Tissue Engineering: Salivary Gland Tissue Engineering
Radiation therapy for head and neck cancer results in atrophy, fibrosis, and degeneration of salivary gland tissue, leading to salivary gland hypofunction and xerostomia. This condition affects approximately 40,000 new patients annually in the US. Xerostomia after radiation therapy results in inability to comfortably swallow, taste or articulate. Salivary immune dysfunction after radiation results in dental decay and oral cavity infections. The quality of life in cancer survivors is markedly diminished. Currently, there is no preventive or curative therapy for xerostomia. We are developing tissue engineering strategies for functional salivary gland regeneration.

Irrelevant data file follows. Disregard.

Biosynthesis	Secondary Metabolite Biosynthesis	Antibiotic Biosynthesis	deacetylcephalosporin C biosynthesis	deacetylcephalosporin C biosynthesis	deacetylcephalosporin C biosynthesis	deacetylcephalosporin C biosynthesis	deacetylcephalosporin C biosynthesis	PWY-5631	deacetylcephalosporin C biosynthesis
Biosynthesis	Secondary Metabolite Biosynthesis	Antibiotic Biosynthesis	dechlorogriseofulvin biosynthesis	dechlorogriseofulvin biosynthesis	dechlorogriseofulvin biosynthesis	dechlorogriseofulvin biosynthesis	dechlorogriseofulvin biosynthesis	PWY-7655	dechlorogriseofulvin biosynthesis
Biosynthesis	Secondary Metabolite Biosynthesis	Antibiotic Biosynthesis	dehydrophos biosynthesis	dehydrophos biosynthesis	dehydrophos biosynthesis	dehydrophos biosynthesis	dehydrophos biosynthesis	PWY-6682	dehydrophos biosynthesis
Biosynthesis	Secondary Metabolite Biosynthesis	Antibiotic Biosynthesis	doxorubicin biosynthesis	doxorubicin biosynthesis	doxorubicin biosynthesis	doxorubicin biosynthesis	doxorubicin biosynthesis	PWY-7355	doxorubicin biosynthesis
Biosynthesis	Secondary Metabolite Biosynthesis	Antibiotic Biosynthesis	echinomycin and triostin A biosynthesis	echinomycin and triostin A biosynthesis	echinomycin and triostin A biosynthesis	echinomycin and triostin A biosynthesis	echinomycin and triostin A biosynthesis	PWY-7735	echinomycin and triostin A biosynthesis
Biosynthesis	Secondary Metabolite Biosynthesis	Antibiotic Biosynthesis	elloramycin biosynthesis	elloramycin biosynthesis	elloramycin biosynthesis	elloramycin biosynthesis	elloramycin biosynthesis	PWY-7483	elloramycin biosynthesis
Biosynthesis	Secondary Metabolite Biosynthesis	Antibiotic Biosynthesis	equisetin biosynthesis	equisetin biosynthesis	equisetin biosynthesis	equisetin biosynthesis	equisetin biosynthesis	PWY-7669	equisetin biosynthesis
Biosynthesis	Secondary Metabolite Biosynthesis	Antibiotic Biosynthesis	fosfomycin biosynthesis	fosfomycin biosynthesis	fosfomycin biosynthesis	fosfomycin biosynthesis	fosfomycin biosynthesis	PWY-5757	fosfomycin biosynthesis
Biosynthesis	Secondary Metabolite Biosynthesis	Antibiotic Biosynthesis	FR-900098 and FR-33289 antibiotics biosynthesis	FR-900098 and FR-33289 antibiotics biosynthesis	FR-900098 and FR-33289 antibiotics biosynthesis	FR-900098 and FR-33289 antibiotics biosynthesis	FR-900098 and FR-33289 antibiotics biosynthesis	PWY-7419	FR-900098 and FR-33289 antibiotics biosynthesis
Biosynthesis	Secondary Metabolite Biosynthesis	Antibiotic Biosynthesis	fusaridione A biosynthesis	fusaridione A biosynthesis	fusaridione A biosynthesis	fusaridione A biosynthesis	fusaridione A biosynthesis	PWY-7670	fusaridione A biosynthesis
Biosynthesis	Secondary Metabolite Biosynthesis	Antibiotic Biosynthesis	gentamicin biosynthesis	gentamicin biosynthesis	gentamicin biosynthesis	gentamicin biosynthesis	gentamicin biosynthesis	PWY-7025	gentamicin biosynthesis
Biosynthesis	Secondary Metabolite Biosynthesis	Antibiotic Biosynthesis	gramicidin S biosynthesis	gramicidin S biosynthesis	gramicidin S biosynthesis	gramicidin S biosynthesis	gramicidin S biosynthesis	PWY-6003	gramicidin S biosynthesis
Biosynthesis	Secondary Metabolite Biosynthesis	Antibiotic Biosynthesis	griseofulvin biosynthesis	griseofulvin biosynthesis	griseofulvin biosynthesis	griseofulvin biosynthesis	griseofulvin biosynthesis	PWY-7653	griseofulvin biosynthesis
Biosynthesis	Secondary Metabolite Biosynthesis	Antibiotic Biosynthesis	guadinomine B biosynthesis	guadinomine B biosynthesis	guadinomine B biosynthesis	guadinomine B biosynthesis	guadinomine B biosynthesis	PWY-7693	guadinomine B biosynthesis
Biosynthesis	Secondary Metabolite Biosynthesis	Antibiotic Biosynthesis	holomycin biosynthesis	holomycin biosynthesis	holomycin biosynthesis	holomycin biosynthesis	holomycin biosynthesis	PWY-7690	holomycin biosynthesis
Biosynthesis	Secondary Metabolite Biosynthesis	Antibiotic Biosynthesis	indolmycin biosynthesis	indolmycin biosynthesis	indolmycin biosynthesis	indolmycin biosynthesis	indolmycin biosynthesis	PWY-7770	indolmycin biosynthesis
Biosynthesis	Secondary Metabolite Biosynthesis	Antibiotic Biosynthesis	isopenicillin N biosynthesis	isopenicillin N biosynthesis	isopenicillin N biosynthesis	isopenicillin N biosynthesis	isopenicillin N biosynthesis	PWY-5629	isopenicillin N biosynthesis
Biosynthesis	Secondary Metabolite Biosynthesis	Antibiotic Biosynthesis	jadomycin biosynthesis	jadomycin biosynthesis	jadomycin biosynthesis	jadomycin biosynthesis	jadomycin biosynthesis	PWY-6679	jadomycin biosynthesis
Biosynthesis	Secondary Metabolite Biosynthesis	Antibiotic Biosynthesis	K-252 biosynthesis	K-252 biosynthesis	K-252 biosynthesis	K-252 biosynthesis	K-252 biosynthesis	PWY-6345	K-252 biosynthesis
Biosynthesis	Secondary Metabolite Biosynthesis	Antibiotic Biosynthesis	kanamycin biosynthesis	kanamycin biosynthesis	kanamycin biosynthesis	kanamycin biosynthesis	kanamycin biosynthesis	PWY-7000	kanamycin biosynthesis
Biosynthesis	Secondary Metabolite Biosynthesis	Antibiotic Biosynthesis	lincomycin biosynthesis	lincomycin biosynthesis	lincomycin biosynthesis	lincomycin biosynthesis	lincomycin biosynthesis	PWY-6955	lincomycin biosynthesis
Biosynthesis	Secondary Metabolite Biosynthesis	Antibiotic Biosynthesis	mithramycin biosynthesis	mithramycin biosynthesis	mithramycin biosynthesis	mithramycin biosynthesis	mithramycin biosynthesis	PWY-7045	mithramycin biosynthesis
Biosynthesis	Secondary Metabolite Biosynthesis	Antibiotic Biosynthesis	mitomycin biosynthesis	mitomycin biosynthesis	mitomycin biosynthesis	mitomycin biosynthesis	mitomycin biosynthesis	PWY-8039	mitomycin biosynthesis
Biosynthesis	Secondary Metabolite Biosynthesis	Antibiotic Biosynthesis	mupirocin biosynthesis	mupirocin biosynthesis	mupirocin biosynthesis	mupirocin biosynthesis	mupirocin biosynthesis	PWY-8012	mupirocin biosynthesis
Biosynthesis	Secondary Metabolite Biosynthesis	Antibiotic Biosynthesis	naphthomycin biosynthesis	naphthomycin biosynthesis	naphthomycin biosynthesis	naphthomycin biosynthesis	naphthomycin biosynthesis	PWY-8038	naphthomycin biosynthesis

1. Pradhan, S.; Liu, C.; Zhang, C.; Jia, X.; Farach-Carson, M. C.; Witt, R. L. "Lumen Formation in Three-Dimensional Cultures of Salivary Acinar Cells" Otolaryngol. Head Neck Surg., 2010, 142, 191-195.
Pradhan, S.; Zhang, C.; Jia, X.; Carson, D. D.; Witt, R.; Farach-Carson, M. C. "Perlecan Domain IV Peptide Stimulates Salivary Gland Cell Assembly in vitro", Tissue Eng Part A. 2009, 15, 3309-3320.